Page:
Typhoo Tea enlists experts to focus on ethics

By Rod Addy

- Last updated on GMT

Ortiz has worked on community socio-economic development and wellbeing in Africa and India
Ortiz has worked on community socio-economic development and wellbeing in Africa and India

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Typhoo Tea has appointed Rocio Ortiz as responsible sourcing manager and enlisted the services of Lesley Western as corporate social responsibility consultant as it builds on its ethical agenda.

The move follows a business restructure earlier this year​ which involved London-based private equity firm Zetland Capital becoming a majority shareholder and investment firm Abercross expand its shareholding.

“With the support of our shareholders, we have a renewed focus on growing Typhoo Tea and its brands, but it’s important to us that we do so in a responsible manner,"​ said Des Kingsley, chief executive officer of Typhoo Tea. “The new team brings an incredible wealth of experience in brand building and responsible sourcing strategy, and have hit the ground running as we continue to rebuild one of the nation’s favourite tea brands.

Sustainable livelihoods

“Rocío brings a critical understanding of the social impact businesses can have on communities, having spent five years working on community socio-economic development and wellbeing in Africa and India. Her work with the Spanish Red Cross focused on developing sustainable livelihoods for rural communities and women farmers, bringing first-hand insight on why it is important that businesses behave responsibly.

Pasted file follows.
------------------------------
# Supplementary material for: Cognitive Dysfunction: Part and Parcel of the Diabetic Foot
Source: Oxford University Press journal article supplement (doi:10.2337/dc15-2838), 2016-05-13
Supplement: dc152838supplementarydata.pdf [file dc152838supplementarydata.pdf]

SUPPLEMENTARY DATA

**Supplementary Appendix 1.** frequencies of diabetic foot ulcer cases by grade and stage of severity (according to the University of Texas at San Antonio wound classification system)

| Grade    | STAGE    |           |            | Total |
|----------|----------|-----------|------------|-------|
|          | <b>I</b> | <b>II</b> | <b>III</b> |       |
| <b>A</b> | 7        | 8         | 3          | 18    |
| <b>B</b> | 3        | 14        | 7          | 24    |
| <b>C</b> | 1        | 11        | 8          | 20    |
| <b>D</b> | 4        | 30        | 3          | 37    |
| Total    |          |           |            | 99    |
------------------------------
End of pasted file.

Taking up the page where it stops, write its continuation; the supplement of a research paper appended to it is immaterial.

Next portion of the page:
“Lesley’s understanding of the retail sector has already been a powerful asset for us. Her work for both brands and our retail partners, including Tesco and Asda, will provide important insight for us as we reassert our brands across all channels.

“As we continue to build a bright future for Typhoo, these roles underpin our commitment to deliver our roadmap that we believe will provide best in class responsibly sourced tea and better lives for our tea garden workers.”

The plan for Zetland Capital to secure a majority shareholding in Typhoo from Apeejay Surrendra Group was announced in July this year an had been worked on for several months. In an exclusive interview with Food Manufacture in 2017, former Typhoo chief executive Somnath Saha said the plummeting value of the pound after Brexit was announced had hit profits heavily, making importing tea more expensive​.

Related topics: People & Skills, Drinks

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